Instead of Slimer, Afterlife’s creators have given us Muncher, a blobbish ghost who looks like Gudetama joined the Blue Man Group and became carbuncular with tumors. Where Slimer was joy, Muncher is depression; where Slimer was sex, Muncher is abstinence; where Slimer gave his captors a run for their money, Muncher is snail-like; where Slimer was booze and cocaine, Muncher is ketamine and opioids; and, most important, where Slimer devoured with hedonistic abandon, Muncher merely munches.
If Slimer was the Marquis de Sade, Muncher is a basement-dwelling failson. Sluggish and anhedonic, neutered and soft, the big blue ghost is the perfect embodiment of our era of permanent decline, in which every downwardly mobile middle-class American has become lobotomized by the internet and unsustainable consumption.
And Muncher’s specific appetites are more than just the characteristics of a made-up ghost; they reflect a profound crisis of American meaning.
In a promotional image for Afterlife released by Sony, a plastic avatar of Muncher is shown in front of several stalks of corn — presumably, the objects of his munching. Priced out of Manhattan, where the original Ghostbusters took place, Muncher gorges himself lugubriously on the heat-blistered cornfields of the Midwest.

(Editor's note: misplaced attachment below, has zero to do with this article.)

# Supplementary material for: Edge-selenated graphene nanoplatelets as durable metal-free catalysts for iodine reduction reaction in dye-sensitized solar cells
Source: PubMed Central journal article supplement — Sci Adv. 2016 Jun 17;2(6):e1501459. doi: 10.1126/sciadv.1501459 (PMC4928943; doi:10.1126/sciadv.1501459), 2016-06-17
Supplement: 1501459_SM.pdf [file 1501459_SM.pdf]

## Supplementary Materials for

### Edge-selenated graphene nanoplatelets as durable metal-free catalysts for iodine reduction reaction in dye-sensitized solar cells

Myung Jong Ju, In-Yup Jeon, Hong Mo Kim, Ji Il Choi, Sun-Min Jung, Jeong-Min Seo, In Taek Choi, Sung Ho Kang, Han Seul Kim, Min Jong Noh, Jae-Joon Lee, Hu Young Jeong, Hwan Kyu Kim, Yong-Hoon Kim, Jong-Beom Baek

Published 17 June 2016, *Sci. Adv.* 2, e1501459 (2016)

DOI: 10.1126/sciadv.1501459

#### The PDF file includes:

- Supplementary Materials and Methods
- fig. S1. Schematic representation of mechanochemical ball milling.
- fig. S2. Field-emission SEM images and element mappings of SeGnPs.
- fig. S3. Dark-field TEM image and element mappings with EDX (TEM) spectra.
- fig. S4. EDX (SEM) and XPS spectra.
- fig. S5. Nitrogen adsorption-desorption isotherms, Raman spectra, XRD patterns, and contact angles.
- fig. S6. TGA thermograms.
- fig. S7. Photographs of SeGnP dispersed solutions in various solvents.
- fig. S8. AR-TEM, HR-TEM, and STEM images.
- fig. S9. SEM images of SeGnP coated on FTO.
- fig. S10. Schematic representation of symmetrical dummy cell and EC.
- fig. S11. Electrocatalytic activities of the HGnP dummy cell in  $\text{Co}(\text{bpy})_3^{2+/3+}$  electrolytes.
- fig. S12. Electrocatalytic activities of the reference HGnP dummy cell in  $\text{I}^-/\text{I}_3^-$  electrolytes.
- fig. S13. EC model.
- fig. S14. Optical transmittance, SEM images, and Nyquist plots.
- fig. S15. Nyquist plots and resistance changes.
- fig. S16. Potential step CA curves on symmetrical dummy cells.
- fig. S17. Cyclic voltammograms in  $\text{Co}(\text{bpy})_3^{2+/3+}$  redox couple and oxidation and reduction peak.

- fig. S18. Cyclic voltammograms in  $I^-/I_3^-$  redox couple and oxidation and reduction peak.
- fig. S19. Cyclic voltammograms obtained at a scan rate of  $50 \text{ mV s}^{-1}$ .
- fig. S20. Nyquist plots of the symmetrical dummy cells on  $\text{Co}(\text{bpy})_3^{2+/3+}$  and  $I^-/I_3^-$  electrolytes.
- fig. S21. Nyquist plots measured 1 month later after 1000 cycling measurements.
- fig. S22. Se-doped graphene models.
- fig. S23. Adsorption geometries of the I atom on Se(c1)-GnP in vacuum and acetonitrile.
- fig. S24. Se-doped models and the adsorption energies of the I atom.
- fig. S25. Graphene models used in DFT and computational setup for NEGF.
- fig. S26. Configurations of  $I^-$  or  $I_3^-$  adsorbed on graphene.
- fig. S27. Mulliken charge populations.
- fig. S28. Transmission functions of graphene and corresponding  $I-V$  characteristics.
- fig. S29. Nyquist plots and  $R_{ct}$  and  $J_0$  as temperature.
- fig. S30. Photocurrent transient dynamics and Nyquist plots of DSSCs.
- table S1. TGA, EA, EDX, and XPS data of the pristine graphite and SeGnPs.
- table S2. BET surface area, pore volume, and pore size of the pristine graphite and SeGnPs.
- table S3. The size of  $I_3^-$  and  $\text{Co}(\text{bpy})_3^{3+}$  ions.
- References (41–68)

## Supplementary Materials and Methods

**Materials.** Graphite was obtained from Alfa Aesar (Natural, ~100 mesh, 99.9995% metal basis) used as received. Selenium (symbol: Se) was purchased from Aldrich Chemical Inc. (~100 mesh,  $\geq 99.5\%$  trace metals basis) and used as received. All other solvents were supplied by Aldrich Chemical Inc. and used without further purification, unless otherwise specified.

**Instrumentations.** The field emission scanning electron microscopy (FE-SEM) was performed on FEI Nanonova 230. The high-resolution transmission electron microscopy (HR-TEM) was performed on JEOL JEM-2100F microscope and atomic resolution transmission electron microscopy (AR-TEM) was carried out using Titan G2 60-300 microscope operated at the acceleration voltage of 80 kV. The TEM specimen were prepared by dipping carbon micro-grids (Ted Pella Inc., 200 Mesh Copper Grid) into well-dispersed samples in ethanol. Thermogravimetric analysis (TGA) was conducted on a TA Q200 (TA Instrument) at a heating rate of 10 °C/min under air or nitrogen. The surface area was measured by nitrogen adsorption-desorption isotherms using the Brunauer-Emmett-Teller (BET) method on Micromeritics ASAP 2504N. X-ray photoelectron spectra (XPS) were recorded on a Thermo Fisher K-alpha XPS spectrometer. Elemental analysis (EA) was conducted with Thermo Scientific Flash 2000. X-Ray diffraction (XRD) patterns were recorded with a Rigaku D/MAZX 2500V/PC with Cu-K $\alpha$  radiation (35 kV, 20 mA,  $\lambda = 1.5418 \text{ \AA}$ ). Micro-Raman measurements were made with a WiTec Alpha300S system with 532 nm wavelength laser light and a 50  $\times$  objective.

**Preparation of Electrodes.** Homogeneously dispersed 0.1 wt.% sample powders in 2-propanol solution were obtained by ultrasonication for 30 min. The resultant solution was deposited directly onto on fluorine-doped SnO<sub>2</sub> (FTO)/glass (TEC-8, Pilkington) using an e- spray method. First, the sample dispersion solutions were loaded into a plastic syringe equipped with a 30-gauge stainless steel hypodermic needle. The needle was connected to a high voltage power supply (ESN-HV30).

The symbolism is almost too perfect. Reagan’s promise to America — the promise of unlimited, debt-driven consumption that was embodied by Slimer — has been realized through a subsidized orgy of mass-produced, corn-based foodstuffs that have made Americans obese, irritated, and depressed. How many people who see Afterlife in theaters (if theaters continue to exist, a dubious proposition given the continued failure of the government’s COVID-19 response) will watch Muncher munch his way through ear after ear of Monsanto corn as they themselves munch on bags of popcorn, chow down on corn-based Cheetos, and drink soft drinks filled with corn syrup?